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Client feedback: The importance of consistency

Claire Rason was recently invited to join Matt Baldwin, editor of The Professionals, to speak about all things Client Feedback and Client Listening. Find out what she said below, or watch the interview here.

Matt: Claire, I thought maybe the first question that would be good to ask is, is just what is the difference between a client feedback and a client listening programming? And how did the two sit together?

Claire: I think the clue is in the name. And it's that word ‘feedback’. With a feedback program, it's about looking backwards. A client listening program is more about looking forwards. So to answer the question, whether they can sit together? Yes, I think they absolutely can, because I think there is an element that we need both. For me, client listening is really key. It is about being forward looking and thinking about the client, and what they want to tell you, rather than looking back and perhaps thinking about what you might want to find out.

Matt: With a client listening program, and that the last few years have made it quite difficult, I suspect for many firms to have really meaningful client listening programs, and perhaps has made client feedback a little bit easier. What have you seen over the past two years with client listening programs?

Claire: What the last two years have done is they've highlighted that looking back has its uses but is limited. Particularly when the first lockdown hit us, firms quickly realized that information that they had from clients, even a couple of months prior, was no longer relevant. Things have been changing constantly over the last two years. It's really shone a light on the importance of making sure that those conversations with clients are continuous. Because pain points, opportunities are changing all the time.

In terms of how easy it's been to implement client feedback or client listening. What I've noticed is that it has been easier to get time in with clients. I think initially, March 2020 when the UK went into lockdown, there was a bit of battening down hatches and firefighting. Making sure that clients were okay with what was on the desk at the time. But I think as 2020 moved on, there was a real move towards “Okay, well, let's take advantage of the fact that we can schedule a zoom call or a team's call with our clients, and just find out how they're doing”. That's something that pre-pandemic firms weren't doing. Firm's have, and not all firms, but I think the firm's that have seized that opportunity to have really in depth conversations with their clients are the ones that have put themselves in the best position now to move forward.

Matt: It's quite interesting, isn't it? I mean, it strikes me that there's a sort of slight shift from very formal programs, pre pandemic to slightly more informal programs, but with a lot more contact. Does that sort of make sense?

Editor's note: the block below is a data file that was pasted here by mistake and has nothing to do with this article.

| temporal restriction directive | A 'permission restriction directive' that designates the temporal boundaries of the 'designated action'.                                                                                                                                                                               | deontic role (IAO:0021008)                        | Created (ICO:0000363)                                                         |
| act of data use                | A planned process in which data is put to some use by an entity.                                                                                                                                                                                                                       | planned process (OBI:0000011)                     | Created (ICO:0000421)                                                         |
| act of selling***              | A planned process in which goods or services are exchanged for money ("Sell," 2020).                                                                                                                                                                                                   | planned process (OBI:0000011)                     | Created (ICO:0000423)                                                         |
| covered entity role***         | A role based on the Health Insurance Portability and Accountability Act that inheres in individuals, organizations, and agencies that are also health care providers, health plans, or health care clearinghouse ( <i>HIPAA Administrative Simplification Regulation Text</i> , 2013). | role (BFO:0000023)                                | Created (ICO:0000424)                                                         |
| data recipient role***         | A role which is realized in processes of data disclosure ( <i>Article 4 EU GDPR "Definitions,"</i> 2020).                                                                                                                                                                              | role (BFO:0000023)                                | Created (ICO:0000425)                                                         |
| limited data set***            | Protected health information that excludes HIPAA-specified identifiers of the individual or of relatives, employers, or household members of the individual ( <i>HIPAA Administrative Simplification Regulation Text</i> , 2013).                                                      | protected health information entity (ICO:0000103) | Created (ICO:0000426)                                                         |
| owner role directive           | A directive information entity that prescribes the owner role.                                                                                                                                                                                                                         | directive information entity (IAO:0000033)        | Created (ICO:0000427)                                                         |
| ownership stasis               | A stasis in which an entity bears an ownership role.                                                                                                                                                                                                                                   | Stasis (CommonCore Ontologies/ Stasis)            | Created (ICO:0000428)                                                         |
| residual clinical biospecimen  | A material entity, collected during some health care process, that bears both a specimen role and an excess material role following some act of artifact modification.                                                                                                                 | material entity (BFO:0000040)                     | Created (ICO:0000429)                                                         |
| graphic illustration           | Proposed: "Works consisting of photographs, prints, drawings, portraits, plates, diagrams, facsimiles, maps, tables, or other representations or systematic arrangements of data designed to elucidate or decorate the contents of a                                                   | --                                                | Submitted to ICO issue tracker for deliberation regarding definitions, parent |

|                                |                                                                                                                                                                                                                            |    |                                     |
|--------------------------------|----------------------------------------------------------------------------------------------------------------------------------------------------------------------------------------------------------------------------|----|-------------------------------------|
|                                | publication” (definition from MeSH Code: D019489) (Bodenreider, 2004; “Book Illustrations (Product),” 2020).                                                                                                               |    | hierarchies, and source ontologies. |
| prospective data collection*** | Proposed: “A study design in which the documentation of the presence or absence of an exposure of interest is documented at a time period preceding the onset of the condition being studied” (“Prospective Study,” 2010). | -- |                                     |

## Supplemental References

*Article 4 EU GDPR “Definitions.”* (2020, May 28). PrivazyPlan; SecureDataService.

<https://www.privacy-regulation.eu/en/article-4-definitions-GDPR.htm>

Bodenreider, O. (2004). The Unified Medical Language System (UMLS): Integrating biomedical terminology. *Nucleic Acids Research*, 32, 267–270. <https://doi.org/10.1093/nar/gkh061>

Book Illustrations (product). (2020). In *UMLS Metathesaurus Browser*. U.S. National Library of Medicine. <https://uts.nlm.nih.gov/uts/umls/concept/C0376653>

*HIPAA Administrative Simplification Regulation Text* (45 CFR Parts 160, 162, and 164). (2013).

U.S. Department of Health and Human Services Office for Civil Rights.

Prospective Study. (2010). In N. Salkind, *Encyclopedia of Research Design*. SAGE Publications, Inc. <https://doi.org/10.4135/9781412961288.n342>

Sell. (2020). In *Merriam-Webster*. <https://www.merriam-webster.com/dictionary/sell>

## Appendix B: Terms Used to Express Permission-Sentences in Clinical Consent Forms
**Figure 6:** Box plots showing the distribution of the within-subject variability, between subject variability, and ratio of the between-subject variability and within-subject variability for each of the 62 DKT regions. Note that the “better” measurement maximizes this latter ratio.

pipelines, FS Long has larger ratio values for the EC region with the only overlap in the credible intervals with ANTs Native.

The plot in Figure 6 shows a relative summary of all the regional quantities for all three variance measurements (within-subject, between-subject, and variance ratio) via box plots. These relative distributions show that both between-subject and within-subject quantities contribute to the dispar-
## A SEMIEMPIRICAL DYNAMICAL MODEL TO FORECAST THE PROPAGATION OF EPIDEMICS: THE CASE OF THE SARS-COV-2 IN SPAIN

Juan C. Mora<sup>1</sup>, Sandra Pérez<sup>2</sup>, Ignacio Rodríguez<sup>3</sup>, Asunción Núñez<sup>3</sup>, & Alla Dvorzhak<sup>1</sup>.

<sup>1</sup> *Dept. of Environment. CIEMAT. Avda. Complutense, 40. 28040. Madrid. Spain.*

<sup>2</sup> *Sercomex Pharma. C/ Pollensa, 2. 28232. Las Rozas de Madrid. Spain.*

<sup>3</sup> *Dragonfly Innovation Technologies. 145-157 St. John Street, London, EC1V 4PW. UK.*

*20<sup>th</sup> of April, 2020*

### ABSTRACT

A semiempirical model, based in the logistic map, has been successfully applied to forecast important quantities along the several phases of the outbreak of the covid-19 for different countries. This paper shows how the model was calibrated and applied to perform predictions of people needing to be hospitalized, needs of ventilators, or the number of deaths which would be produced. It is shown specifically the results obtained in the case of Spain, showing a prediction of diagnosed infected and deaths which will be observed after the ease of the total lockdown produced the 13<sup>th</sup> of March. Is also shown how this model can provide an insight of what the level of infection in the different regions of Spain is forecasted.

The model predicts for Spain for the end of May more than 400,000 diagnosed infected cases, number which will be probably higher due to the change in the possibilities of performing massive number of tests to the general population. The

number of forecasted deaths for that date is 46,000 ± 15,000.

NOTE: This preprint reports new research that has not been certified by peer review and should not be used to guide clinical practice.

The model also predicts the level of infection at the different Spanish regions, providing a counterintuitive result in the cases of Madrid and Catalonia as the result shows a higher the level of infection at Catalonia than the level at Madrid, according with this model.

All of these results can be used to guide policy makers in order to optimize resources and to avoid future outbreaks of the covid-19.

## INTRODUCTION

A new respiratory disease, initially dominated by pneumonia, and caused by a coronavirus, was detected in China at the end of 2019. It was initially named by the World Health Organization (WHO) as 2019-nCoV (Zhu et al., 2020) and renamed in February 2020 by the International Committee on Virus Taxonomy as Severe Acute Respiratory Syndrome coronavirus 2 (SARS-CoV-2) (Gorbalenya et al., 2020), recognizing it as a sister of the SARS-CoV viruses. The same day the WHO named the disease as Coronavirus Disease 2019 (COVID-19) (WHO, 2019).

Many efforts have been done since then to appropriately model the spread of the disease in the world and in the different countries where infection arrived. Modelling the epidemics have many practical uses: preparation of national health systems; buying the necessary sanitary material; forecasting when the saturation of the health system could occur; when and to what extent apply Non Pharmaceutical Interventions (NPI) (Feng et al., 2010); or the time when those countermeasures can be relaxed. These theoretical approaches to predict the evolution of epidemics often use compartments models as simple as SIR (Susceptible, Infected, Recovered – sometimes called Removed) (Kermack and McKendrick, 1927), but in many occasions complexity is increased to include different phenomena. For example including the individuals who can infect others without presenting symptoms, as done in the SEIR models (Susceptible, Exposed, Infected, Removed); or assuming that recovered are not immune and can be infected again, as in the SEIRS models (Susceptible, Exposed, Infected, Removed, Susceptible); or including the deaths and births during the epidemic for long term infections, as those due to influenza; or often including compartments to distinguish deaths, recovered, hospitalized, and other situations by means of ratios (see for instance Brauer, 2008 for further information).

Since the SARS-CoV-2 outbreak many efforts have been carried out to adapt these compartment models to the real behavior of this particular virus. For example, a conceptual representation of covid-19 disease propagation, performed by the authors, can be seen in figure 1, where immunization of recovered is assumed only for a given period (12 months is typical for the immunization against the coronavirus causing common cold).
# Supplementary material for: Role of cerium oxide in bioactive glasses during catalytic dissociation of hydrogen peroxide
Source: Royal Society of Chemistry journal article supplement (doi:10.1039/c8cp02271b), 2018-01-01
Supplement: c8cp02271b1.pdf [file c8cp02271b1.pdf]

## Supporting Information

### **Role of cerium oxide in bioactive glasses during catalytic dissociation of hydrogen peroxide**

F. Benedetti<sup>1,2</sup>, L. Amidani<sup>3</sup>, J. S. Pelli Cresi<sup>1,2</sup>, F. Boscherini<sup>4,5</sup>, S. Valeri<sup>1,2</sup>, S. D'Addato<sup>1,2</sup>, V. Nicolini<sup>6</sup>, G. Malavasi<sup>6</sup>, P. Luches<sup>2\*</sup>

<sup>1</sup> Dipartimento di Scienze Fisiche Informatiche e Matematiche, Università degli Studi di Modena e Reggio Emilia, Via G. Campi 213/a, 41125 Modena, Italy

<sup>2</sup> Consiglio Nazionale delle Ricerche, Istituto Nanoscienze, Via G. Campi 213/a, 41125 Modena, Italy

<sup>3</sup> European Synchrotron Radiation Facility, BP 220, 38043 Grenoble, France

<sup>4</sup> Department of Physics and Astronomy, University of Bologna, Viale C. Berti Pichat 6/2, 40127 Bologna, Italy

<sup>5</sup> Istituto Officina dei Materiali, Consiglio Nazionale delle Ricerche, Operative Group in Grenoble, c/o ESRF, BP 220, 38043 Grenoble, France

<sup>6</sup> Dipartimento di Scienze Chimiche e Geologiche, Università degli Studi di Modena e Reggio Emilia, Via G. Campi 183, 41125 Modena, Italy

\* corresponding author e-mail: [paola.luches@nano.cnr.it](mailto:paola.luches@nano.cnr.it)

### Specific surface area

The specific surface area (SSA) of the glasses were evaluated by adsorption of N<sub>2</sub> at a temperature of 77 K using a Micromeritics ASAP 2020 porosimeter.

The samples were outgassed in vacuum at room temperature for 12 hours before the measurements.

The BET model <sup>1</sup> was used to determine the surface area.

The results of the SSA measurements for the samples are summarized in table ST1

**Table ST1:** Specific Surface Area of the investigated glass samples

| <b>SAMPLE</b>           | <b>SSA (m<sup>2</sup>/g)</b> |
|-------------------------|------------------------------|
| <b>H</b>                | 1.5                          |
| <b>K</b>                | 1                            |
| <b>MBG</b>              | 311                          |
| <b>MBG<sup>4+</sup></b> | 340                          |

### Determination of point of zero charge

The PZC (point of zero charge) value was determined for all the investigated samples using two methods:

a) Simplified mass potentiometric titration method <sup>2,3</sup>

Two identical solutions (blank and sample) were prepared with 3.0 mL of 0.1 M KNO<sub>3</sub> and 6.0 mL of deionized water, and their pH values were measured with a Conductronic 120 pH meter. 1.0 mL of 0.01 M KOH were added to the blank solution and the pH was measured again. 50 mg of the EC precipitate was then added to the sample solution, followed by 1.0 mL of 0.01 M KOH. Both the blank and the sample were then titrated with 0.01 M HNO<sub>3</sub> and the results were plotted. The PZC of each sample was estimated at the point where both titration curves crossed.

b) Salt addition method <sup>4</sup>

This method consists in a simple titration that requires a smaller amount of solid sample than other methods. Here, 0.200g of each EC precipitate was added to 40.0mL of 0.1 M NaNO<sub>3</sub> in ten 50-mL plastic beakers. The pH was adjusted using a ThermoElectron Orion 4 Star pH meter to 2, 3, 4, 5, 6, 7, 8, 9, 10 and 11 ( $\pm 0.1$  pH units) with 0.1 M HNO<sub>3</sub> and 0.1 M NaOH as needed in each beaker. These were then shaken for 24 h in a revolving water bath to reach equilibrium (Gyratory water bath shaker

Claire: Absolutely. There's always some bias here, as that is certainly my approach to client listening. It's something that has to be continuous. Whilst there are benefits to having a very structured formal process, what they do is they force a firm to listen at a certain point in time. And as I said, there are reasons why you might want to have that, and why that might be something that can accompany a program, but actually thinking about: how can we constantly be listening to our clients? How can we be constantly building on the information that we have, is something that is extremely powerful.

And I think in terms of the informality, you know, firms struggle with informal feedback, and that can be constant feedback. But it's something that I think has been made easier, in a strange way, because of the pandemic.

Matt: It might be quite helpful to give our viewers and listeners an idea of what an informal program might entail, and how it can actually work. A a lot of people are very familiar with that sort of quite formal, once a year sit down with a client sort of program, but when it's more ad hoc, more informal, how does it actually look and work?

Claire: The first thought I've got is around this use of the word informal, because I think there is an element of informal feedback that isn't captured. And that's not what I'm talking about. Now, perhaps we can come on to that later on in this conversation. But in terms of thinking about a program that is more consistent, I think, when we think about traditional client listening programs or client feedback programs, perhaps they happened at a certain time. Maybe at the end of a transaction, or the end of a piece of litigation, or project, or whatever it might be. Firms will go in and ask their clients, "how did we do?". That's kind of typical feedback mode.